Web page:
Pays de Quimperlé. Photo: YANNICK DERENNES

A microcosm of Brittany, the Pays de Quimperlé is without doubt the region’s best-kept secret, with its sprinkling of secluded harbours, dramatic coastline and shape-shifting seascape


Shape-shifting doesn’t come close to describing this wondrous land of rias – a lattice of inlets endlessly drawn and redrawn by the tides’ ebb and flow. This is just one of the many wonders dotting the Pays de Quimperlé’s shoreline. From Doëlan, Le Pouldu, and Brigneau to Rosbras and Bélon, the coast is trimmed with secluded harbours whose ever-changing seascape and marinas were immortalised by the Pont-Aven painters.


With its rias-dotted shores, sweeps of sandy beaches – perfect for a game of volley ball – and intimate creeks to enjoy quality time with the brood, Pays de Quimperlé has plenty to offer sunbathers, families and adrenaline junkies alike. From sailing, canoeing and kayaking to stand-up paddling, it is the go-to destination for water sports enthusiasts – or novices itching to take the plunge. Surfers will get their fix of thrills and spills at Kérou Beach.

Pays de Quimperlé has plenty to offer sunbathers, families and adrenaline junkies alike. Photo: FRANCK BETERMIN


With a whopping 1,300 km of hiking trails and coastal paths winding their way through its rugged landscape, rocky outcrops and surf-tickled beaches (and jaw-dropping views at every turn), Quimperlé is a ramblers’ paradise. The most iconic of all is without doubt the GR 34 route, better known as the ‘Sentier des Douaniers’ (path of the customs officers). Created during the Revolution, it was intended as a sprawling lookout, stretching 1,800km along the entire Breton coast – 80km of them in the Pays de Quimperlé – for custom officers to root out smugglers. Venture inland and you’ll come across countless natural wonders and historic treasures on your ramblings. Chief among them are the Roches du Diable – boulders rising amid the gorges on the River Ellé, north of Quimperlé, and where, legend has it, Saint Guénolé defeated Satan himself.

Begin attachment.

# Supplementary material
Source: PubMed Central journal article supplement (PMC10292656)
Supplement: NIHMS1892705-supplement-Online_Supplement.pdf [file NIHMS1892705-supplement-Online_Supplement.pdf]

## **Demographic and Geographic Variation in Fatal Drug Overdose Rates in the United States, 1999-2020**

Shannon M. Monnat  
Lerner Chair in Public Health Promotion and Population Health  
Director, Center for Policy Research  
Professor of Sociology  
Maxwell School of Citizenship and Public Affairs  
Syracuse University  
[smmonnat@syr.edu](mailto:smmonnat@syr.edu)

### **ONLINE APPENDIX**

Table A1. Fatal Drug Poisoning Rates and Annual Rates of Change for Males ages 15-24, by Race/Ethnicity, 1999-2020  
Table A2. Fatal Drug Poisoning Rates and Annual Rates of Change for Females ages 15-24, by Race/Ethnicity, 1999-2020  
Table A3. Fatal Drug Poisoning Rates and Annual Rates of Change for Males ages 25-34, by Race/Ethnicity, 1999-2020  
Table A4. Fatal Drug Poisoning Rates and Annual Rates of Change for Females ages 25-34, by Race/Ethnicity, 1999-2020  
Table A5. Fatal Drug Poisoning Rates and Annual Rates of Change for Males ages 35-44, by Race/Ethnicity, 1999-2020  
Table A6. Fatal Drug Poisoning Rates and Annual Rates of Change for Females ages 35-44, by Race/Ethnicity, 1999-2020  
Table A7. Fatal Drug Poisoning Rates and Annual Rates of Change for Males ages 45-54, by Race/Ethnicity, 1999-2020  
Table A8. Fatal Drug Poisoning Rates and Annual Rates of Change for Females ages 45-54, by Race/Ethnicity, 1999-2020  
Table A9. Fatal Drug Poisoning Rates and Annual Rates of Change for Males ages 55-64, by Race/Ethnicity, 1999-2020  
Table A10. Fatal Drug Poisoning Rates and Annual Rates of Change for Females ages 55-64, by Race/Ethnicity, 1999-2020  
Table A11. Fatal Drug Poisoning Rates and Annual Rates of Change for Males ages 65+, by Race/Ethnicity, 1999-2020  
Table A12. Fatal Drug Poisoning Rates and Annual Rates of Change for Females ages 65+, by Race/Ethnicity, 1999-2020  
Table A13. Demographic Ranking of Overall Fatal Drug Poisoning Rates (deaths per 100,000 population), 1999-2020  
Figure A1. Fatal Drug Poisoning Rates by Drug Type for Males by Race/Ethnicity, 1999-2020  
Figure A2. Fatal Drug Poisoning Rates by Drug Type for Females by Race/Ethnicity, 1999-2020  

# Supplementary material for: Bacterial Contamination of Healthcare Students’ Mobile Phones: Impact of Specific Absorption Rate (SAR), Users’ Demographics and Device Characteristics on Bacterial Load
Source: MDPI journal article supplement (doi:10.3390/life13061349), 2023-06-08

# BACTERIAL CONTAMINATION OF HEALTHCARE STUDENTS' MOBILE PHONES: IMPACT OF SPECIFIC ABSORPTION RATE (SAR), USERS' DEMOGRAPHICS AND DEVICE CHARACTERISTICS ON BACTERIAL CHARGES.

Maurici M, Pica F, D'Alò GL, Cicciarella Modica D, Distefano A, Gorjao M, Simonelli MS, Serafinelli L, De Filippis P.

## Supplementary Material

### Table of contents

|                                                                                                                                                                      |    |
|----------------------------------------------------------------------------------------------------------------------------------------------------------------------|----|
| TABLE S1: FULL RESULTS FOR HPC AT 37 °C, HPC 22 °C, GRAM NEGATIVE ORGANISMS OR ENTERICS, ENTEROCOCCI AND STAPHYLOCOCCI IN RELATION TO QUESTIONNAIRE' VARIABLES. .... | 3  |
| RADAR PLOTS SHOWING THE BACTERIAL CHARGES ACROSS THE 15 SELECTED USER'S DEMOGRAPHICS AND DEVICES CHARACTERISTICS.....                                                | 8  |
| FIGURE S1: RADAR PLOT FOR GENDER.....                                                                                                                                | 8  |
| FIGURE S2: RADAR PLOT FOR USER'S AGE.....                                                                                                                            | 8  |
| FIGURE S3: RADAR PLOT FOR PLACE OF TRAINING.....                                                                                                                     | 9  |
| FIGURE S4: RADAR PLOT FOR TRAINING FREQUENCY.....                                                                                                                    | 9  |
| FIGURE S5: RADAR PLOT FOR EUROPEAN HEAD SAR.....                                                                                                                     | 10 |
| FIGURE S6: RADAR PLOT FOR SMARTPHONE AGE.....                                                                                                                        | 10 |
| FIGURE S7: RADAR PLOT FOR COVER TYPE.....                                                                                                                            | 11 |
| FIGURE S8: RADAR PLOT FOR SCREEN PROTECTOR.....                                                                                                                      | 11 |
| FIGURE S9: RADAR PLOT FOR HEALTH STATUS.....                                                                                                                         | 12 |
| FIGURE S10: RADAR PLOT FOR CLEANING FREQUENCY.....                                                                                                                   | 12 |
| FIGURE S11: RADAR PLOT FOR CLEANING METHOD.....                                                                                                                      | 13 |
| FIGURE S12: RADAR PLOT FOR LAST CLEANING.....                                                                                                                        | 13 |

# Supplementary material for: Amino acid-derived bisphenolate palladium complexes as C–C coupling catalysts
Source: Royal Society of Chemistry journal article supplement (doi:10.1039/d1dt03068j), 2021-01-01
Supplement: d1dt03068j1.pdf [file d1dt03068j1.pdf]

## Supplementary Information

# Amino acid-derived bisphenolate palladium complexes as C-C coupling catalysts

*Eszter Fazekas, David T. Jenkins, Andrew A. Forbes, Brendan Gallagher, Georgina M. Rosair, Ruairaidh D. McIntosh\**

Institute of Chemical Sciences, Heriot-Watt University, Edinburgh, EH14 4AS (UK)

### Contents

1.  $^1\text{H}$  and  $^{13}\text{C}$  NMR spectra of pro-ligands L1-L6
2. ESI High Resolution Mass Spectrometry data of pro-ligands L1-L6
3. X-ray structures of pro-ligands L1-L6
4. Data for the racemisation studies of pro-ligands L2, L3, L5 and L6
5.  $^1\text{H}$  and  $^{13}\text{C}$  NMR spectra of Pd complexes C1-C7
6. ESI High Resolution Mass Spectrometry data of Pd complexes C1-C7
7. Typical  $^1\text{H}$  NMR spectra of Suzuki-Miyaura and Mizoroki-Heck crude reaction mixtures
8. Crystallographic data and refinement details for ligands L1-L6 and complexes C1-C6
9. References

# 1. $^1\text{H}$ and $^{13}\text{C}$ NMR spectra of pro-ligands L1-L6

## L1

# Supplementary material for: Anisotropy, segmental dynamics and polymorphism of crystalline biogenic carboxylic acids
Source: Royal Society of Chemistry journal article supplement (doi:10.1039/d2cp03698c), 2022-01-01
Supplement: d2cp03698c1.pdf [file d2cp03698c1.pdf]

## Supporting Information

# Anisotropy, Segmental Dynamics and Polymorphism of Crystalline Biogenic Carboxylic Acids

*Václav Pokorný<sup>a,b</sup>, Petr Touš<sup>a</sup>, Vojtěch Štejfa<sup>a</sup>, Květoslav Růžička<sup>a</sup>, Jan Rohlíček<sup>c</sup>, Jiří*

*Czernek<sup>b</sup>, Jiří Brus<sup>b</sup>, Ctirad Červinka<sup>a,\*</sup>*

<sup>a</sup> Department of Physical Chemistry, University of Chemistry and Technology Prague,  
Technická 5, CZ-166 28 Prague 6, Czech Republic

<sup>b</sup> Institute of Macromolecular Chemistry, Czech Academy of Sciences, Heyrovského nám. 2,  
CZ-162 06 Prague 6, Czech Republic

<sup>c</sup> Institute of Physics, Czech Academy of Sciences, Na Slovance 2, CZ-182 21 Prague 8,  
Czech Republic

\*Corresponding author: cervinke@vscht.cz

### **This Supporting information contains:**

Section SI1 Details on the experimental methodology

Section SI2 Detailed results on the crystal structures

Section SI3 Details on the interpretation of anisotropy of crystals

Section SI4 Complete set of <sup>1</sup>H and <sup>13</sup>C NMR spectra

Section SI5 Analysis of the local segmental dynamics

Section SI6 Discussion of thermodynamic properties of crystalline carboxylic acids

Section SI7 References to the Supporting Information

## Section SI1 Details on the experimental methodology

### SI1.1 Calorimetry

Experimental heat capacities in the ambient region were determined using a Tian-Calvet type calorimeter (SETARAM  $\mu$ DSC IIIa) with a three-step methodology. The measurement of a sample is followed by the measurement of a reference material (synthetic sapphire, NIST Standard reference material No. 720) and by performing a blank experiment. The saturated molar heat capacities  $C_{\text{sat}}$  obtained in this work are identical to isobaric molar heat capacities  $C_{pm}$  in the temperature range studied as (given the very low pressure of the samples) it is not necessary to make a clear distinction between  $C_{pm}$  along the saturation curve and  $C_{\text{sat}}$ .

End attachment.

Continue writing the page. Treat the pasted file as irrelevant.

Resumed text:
The gateway to southern Finistère, the city of Quimperlé has borne witness to the sweep of French and Breton history; and as such has been awarded the coveted ‘ville historique’ status. With more landmarks than you could possibly shake a selfie stick at, culture vultures will have to wake at the crack of dawn to squeeze in centuries of history in one stay. Among the must-see attractions are the Abbatiale Sainte-Croix, medieval bridge and Chapelle des Ursulines. Fountains, chapels and a sprinkling of megaliths aside, the rest of the Pays is brimming with heritage sites, including the Maison-Musée du Pouldu, which Paul Gauguin and a coterie of his friends called home in 1889 and decked out in vibrant frescoes. Don’t miss the Manoir de Kernault, a vast property snug in 31 hectares of lush parkland with four orchards producing more than 100 varieties of apple. Last but not least, be sure to take a gander at the remains of Saint-Maurice, a former Cistercian abbey on the tranquil banks of the River Laïta.

Hiking in the Pays de Quimperlé. Photo: YANNICK DERENNES


Foodies take note: from surf to turf and everything in between, the region has something to tickle every palate. Feeling brave? How about a platter of andouilette (chitterlings)? Time your visit right and you could gorge on the catch of day, hauled straight out of the nets at Doëlan and Bélon harbours. It doesn’t get any fresher than this. For more information visit

From France Today magazine

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